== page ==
I had some work of my own to attend to, so I didn't hear the end of his story. But, I had doubts as to its veracity. I could be wrong, but it seems to me that people who actually were in Special Forces are not usually the type of people who talk and brag about how they were in Special Forces and were trained how to kill people with just two fingers. They tend to keep that kind of information to themselves.

Anyway, as Vicki finally fended off the driver with her third, "I've got to get back to this work" comment, he turned toward me. I tried my best to pretend he wasn't there. It didn't matter. He started talking to the back of my head. Eventually, the personal decency I was raised with (curse you, personal decency!) forced me to acknowledge him. I gave him a head nod and a "Yup" or two. The next thing I knew I was listening to a ten minute "conversation" about the return of Twinkies and the politics of the Hostess shutdown.

I tried to get away by walking downstairs back to my truck. He followed me. It wasn't until I had actually gotten into my truck and started to back away from him before he finally closed the conversation. (At least I think he did.)

Some of the things truck drivers say leave me totally baffled. A few weeks ago a truck driver came up to me and said, "Has anyone ever told you you look like Eric Clapton?" "No," I said. "No one ever." I then wondered if I should call the police to get this truck driver a sobriety test before letting him get out on the open road. To compare:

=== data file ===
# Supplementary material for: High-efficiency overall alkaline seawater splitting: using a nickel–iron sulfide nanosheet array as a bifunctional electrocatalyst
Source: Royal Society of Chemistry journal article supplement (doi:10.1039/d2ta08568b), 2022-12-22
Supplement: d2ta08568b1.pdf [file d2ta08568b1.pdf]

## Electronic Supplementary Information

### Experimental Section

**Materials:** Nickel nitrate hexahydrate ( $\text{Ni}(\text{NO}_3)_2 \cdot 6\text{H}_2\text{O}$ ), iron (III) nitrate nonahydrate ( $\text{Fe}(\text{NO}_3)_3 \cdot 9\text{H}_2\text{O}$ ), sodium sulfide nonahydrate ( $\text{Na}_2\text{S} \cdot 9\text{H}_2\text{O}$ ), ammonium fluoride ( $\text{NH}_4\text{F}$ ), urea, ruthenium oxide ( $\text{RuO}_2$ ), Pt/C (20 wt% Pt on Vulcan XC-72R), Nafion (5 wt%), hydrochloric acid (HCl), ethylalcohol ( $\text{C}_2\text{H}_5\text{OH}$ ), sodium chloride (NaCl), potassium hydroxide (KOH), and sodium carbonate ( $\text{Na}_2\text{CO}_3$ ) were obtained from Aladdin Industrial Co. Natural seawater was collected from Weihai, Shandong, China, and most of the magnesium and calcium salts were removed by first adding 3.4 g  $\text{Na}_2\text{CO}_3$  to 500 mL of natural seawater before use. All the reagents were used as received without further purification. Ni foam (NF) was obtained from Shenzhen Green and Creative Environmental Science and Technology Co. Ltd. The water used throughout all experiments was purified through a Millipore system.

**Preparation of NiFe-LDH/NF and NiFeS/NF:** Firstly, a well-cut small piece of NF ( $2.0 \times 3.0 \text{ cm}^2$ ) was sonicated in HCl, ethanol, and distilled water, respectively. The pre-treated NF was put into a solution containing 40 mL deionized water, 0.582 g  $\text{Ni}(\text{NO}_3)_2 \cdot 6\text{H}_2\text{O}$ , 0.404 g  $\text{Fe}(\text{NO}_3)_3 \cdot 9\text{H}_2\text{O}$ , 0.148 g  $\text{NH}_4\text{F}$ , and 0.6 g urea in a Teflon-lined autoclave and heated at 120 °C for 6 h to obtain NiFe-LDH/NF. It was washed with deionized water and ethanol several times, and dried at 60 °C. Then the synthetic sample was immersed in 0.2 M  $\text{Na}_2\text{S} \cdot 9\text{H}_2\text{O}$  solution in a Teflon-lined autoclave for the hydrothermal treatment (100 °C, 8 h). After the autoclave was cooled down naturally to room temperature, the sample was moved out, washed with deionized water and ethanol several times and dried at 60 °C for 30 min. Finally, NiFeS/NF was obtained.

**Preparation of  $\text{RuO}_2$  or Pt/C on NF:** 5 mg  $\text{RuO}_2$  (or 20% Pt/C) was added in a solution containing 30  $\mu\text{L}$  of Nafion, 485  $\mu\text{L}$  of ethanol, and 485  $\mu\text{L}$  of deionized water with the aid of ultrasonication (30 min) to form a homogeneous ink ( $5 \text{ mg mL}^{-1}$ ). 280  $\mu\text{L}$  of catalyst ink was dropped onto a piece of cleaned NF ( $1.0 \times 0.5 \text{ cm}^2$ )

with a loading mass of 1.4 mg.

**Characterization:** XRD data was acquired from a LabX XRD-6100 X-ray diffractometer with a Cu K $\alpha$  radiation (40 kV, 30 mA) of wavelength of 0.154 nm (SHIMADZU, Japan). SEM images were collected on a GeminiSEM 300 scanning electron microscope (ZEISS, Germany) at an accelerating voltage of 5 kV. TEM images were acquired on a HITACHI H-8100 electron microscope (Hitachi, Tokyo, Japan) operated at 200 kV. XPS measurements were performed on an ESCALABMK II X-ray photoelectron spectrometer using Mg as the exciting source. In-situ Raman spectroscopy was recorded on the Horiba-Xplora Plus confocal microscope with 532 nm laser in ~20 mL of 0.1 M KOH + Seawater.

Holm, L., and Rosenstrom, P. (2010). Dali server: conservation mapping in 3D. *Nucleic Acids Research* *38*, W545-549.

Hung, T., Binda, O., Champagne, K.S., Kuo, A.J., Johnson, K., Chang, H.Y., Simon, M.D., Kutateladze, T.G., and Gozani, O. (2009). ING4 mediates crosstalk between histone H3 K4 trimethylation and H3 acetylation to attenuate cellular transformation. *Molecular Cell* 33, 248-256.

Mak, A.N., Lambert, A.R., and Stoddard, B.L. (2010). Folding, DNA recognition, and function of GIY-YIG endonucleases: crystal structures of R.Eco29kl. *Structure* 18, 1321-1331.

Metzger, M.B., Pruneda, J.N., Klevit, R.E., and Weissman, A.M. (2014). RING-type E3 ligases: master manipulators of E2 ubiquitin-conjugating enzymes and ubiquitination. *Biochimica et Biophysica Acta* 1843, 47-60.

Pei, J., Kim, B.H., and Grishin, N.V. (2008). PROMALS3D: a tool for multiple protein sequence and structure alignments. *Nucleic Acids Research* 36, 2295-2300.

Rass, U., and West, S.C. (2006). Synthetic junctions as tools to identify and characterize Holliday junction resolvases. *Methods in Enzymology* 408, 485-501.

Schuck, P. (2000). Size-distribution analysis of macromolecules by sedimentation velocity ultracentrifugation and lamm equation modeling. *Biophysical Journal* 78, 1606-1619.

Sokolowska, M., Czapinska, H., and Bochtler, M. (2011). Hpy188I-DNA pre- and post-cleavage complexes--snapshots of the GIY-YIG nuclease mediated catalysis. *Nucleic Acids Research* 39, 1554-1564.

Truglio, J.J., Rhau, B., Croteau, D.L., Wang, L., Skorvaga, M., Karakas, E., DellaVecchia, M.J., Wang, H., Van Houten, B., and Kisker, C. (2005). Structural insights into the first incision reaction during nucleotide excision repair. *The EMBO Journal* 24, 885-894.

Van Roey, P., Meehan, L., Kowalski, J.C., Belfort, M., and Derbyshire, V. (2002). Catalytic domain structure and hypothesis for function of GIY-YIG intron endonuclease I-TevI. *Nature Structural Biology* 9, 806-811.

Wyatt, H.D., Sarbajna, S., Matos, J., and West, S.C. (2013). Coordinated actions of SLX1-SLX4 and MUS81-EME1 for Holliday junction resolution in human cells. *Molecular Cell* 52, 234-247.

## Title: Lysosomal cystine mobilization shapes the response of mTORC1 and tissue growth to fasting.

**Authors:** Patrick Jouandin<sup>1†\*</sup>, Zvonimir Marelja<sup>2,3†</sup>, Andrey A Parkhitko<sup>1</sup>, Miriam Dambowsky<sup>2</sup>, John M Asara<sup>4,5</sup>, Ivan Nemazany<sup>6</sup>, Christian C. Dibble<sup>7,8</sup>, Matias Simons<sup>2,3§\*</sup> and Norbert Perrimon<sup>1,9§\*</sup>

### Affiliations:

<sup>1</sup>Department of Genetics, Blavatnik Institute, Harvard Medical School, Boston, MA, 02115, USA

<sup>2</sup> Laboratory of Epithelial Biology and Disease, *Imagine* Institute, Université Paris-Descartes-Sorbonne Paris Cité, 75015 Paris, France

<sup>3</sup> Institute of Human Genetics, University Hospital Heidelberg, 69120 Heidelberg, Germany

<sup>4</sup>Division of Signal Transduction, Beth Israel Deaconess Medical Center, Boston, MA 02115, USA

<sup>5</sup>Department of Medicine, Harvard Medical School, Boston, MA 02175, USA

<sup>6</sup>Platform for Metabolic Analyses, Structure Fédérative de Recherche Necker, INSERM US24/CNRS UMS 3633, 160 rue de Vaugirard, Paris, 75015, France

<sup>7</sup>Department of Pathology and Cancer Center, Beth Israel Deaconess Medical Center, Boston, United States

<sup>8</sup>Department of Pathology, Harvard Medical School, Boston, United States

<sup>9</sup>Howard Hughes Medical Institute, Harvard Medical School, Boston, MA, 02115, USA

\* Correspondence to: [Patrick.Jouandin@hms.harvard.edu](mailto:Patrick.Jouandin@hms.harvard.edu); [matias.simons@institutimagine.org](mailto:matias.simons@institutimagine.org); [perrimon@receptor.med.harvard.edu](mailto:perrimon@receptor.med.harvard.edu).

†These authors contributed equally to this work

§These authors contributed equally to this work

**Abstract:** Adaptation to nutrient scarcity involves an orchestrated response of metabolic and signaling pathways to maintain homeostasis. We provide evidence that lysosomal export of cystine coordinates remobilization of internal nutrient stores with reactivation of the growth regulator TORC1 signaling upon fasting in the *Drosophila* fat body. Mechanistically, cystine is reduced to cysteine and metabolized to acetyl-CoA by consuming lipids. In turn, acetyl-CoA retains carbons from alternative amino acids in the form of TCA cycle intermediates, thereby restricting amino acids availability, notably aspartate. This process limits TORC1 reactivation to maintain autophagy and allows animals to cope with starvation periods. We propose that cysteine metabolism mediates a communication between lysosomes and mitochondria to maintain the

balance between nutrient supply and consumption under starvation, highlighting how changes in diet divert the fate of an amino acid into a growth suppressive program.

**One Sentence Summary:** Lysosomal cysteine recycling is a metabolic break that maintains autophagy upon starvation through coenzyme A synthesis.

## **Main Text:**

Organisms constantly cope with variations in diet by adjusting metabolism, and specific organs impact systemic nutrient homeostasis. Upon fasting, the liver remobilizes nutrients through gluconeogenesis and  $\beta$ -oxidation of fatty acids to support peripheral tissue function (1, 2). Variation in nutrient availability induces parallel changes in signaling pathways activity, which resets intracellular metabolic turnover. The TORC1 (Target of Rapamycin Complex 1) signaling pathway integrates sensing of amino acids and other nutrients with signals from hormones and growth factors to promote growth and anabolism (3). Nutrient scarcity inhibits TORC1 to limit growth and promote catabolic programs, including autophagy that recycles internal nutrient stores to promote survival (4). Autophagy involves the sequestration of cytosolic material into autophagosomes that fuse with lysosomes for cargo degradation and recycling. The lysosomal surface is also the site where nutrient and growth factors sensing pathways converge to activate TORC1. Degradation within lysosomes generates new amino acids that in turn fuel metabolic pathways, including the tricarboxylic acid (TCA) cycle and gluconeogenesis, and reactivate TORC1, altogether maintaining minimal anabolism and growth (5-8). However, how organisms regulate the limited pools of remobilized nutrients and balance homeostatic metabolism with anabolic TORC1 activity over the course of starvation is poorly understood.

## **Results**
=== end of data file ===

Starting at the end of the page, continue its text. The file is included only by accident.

Eric Clapton
Me. (He plays the guitar better, too.)

Another time a guy told me, "I just spent the last three days moving. I filled up my neighbor's garbage bin. I waited until they weren't home, and I filled it up! He'll be mad at me, but he won't be able to find me, because I moved."

Now, why in the world would he tell me this story? Did he tell me because he wanted me to not like him? Because if that's the case, it worked.

The other day a driver came up to me and the conversation went like this:
Truck driver: "Do you have any funny jokes you can tell me?"
Me (not really expecting this question): "Umm, no."
Truck driver: "What do you call a seagull that flies over the bay?"
Me: Silence, trying not to make eye contact.
Truck driver: "A bay gull!"
Me: Polite chuckle; looking for any avenue of escape. (Actually considering feigning my own death.)

It's not just the guy truck drivers, either. Women truck drivers can talk your ear off, too. Women truck drivers are a special breed. They didn't get the memo that the mullet is no longer a fashionably acceptable hairdo. (A female truck driver convention would feature more mullets and flannel than a Billy Ray Cyrus concert!)

One of the funniest thing a truck driver has ever said to me was spoken by a female truck driver. I approached her because I thought she looked confused. She could see that I was trying to help her, and told me she didn't need any help, saying, "I'm not lost. She done told me where to go." (The "she" referring to one of the secretaries in the office.)